This setup is certainly not a revolutionary breakthrough in the world of technical analysis. In fact, anyone familiar with the literature might recognize several patterns rolled into one here. In the context of yesterday’s post, it is a “fast-follower” strategy because it requires a volume spike, created by the “first movers.”

SIX Ways to Improve Your Self-Discipline Today

1. Acknowledge Your Weaknesses – Whether cookies are the downfall to your diet, or you can’t resist checking your social media accounts every two minutes, acknowledge your pitfalls. Too often people either try to pretend their weaknesses don’t exist or they try to minimize the negative impact their bad habits have on their lives. For example, many smokers think, “I could quit if I wanted to,” because they don’t want to admit they’re hooked.

2. Establish a Clear Plan – No one wakes up one day suddenly blessed with self-discipline. Instead, you need a strategy. Whether you want to increase good habits like exercising more often, or you want to eliminate bad habits like watching too much TV, develop a plan that outlines the action steps you’re going to take to reach your goals.

3. Remove the Temptations When Necessary – Although we’d all like to believe we have enough willpower to resist even the most alluring enticement, it only takes one moment of weakness to convince ourselves to cave to temptation. Making it difficult to access those temptations can be pivotal to increasing self-discipline. If your weakness is Facebook, turn off the internet while you’re working. If you can’t resist overspending when you go to the mall, leave the credit card at home and only take a small amount of cash.

4. Practice Tolerating Emotional Discomfort – It’s normal to want to avoid pain and discomfort, but trying to eliminate all discomfort will only reinforce to yourself that you can’t handle distress. We can usually stand a lot more discomfort than we think we can. Practice allowing yourself to experience uncomfortable emotions like boredom, frustration, sadness, or loneliness and increase your tolerance to the negative emotions that you may experience as you increase your self-discipline. (more…)

26 Points For Traders

  1. First things first
    • Do you really want to trade?
  2. Examine your motives
    • Why do you want to trade?
    • Don’t trade for excitement.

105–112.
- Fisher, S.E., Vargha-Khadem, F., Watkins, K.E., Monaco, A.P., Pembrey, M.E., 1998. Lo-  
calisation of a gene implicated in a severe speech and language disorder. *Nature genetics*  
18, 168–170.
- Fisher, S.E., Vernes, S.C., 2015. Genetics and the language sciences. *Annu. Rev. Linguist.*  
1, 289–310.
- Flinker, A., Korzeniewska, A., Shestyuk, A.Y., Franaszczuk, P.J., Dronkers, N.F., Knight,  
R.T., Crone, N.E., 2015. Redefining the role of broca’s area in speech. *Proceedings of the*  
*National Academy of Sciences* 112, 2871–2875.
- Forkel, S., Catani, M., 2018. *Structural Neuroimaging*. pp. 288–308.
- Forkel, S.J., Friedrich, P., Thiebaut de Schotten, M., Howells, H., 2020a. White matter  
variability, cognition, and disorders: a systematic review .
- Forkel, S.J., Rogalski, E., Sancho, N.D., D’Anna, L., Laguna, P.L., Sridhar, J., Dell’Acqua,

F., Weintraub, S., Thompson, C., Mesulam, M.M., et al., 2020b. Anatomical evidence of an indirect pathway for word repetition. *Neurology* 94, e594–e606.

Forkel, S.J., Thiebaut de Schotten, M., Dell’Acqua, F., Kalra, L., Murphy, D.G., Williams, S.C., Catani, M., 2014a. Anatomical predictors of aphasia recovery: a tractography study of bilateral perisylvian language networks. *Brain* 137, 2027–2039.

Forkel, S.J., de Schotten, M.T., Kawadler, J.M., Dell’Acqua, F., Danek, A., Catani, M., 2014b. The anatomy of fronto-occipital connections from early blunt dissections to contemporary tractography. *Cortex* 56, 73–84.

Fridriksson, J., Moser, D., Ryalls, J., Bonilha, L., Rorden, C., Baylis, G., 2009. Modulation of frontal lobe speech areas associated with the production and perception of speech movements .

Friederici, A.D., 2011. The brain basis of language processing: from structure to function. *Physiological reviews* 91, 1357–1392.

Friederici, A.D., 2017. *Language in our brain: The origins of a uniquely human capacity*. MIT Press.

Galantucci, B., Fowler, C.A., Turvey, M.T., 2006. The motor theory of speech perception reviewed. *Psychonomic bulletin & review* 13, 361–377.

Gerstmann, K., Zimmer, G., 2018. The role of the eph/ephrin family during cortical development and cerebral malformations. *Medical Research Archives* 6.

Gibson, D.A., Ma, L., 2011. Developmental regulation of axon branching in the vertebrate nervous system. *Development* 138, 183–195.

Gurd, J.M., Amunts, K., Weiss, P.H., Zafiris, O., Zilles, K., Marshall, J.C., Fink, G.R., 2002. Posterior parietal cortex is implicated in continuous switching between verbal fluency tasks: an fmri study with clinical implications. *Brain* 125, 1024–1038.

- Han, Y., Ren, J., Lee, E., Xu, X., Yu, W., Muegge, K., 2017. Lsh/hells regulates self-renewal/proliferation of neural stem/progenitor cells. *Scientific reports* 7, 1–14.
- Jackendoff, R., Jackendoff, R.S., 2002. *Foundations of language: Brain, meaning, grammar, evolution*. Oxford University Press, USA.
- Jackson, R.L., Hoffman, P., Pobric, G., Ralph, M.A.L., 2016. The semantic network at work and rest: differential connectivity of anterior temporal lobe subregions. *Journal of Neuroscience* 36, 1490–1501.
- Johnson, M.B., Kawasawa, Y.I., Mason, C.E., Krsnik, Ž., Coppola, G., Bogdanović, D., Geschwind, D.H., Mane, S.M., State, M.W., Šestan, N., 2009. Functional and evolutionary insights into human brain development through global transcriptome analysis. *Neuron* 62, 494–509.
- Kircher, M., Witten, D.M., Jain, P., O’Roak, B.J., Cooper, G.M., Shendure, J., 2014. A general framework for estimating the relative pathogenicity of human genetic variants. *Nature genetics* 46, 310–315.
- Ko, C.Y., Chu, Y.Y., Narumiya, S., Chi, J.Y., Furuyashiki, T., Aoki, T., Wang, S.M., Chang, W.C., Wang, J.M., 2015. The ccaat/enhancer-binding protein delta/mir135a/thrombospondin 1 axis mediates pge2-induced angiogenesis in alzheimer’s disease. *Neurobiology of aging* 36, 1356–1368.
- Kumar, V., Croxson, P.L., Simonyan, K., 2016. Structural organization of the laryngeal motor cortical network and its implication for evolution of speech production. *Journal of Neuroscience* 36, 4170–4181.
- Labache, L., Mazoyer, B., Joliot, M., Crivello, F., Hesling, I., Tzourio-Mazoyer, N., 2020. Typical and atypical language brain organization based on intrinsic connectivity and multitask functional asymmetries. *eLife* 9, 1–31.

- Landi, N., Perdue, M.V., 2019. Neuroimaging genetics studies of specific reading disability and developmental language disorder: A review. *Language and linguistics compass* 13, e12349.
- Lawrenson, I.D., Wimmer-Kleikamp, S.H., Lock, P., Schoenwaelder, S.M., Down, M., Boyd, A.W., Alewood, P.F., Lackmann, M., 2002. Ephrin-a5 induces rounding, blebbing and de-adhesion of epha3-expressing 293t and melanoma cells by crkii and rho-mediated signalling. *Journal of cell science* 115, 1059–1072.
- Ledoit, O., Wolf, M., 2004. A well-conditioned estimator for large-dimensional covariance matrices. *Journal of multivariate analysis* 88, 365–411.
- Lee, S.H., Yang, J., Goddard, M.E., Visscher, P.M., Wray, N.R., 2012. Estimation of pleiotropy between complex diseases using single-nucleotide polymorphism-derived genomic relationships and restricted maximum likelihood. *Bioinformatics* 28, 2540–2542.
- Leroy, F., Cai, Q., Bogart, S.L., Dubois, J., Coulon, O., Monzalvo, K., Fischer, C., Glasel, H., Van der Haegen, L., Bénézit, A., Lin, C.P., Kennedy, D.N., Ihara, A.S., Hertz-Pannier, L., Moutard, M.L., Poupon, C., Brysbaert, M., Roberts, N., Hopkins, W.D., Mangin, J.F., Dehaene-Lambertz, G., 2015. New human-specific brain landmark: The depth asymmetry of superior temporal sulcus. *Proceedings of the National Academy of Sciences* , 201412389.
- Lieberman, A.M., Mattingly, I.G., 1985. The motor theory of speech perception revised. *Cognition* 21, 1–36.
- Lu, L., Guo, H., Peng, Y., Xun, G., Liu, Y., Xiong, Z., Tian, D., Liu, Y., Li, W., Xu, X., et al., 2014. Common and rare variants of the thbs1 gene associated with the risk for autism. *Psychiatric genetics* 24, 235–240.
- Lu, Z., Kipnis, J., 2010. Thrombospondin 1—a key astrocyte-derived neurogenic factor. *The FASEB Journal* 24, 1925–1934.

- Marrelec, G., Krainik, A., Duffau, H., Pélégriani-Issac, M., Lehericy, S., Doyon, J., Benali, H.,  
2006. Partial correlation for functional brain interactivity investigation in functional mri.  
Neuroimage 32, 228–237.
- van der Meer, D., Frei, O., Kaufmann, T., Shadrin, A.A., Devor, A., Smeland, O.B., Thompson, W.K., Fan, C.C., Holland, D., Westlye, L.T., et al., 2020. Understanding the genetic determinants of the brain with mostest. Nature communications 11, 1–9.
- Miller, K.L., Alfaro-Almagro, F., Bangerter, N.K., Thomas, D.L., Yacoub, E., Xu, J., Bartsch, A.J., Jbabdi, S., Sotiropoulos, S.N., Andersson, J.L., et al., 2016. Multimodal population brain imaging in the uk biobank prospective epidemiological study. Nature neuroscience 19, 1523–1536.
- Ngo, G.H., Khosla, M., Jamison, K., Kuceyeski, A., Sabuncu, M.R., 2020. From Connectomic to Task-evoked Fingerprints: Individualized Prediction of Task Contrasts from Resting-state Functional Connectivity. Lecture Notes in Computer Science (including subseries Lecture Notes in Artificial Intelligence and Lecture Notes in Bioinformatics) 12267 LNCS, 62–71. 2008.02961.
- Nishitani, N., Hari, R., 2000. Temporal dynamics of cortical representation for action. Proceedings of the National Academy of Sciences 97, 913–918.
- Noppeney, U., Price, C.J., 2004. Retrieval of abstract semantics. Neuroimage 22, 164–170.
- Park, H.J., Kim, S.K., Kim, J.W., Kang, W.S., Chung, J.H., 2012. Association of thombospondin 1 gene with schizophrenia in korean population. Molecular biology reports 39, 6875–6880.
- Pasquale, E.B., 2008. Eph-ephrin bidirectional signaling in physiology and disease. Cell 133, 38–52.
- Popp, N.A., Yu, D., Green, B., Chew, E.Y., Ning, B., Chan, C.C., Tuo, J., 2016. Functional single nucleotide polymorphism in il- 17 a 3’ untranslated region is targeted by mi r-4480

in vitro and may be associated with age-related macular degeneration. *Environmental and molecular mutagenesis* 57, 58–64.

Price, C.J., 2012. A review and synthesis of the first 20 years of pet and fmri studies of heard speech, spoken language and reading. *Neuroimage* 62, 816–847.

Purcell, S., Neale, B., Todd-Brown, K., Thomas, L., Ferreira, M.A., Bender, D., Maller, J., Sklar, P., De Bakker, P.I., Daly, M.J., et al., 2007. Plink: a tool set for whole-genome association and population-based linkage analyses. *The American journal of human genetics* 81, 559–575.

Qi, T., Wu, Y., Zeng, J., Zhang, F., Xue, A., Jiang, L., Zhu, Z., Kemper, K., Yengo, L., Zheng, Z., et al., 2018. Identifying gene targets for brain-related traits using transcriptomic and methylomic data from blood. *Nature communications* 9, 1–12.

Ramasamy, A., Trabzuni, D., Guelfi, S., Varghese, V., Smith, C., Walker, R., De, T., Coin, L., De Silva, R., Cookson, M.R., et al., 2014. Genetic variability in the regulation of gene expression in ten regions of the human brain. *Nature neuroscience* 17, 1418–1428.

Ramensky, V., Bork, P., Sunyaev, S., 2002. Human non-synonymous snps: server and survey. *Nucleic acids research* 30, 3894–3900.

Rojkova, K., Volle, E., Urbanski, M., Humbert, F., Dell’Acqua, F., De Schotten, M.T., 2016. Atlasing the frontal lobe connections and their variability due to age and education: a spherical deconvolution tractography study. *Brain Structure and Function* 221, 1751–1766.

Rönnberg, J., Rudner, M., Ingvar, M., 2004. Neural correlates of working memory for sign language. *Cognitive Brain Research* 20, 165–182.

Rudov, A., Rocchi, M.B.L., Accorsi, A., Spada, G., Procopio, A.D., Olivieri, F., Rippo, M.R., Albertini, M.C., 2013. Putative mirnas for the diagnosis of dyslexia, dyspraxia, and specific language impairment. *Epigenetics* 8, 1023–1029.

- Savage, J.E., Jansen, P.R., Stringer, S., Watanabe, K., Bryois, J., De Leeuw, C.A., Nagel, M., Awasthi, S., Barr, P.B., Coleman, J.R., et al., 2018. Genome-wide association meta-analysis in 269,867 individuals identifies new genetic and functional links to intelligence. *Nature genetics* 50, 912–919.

3. Match the trading method to your personality
    • Choose a method congruent with your personality and comfort
  4. It is absolutely necessary to have an edgeDerive a method
  5. Developing a method is hard work
  6. Skill versus hard work
  7. Good trading should be effortless
    • Be in sync with market
  8. Money Management and risk control
    • 1-2% AUM
  9. The trading planDiscipline
    • Draw up trading blueprint/business plan
  10. Understand that you are responsibleThe need for independence
    • your choices led to your results
  11. Confidence
  12. Losing is part of the game
  13. Lack of confidence and time-outs
  14. The urge to seek adviceThe virtue of patience
    • Get out of trade if you need an opinion
  15. The importance of sittingDeveloping a low risk idea
    • “Be right and sit tight”
  16. The importance of varying bet size
  17. Scaling in and out of trades
  18. Being right is more important that being a genius
    • Go for consistency trade-to-trade, not perfection
  19. Don’t worry about looking stupidSometimes action is more important that prudence
    • Don’t talk about your position
  20. Catching part of the move is just fine

Learn to be Disloyal

Loyalty many be a virtue in family ,friends ,and pets ,but it is a fatal flaw for a trader.Never have loyalty to a position.The novice trader will have  lots of loyalty to his original position.He will ignore signs that he is on the wrong side of the market ,riding his trade into a large loss while hoping for best.The more experience trader ,having learned the importance of money management will exit quickly once it is apparent  he has made a bad trade.However ,the truly skilled trader will be able to do a 180- degree turn ,reversing his position at a loss if market behaviour  points to such a course of action.

Learning to Trade from a Legend-Victor Niederhoffer

Study horse racing books. The odds against winning at a parimutuel racetrack are overwhelming. Yet some touts have systems that produce a profit (against all odds). Can you apply any of these horse racing principles to your trading?

• Write down trading prices (by hand). There were a ton of computers in Victor’s trading room. Yet Victor made me do price analysis by hand. He felt there was enormous virtue about getting close and comfortable with trading figures.

• All markets are related. Learn what a move in bonds does to gold. And to S&P futures or the Japanese yen. Don’t trade markets in isolation

• Only make a trade when the odds are at least 60% in your favor.

• Don’t take losses to heart. I lost $20,000 on a Friday, the first day I traded real money for Victor. I wiped out my trading account. After stewing over my losses all weekend, I offered to resign and refund my losses. Victor refused my resignation and put $20,000 back in my trading account.

• Don’t take wins to heart. I remember making a lot of money following (I thought) Victor’s instructions while he was away. When Victor returned, he was not impressed by the fact the firm made money. He told me that I had traded erroneously and was lucky to have survived my trades.

• Be a mentor. Victor was generous with his time and advice. Despite the fact that several employees exploited his generosity, Victor continued to help new traders.

•  Get out when the trade is over. All trades have a beginning and end (based on time and price). Get out whether you’re winning or losing when the time or price has been met.

• Write down your moves. Learn from your mistakes.

• Learn concentration and game strategy from champions in other disciplines (such as ping-pong and checkers).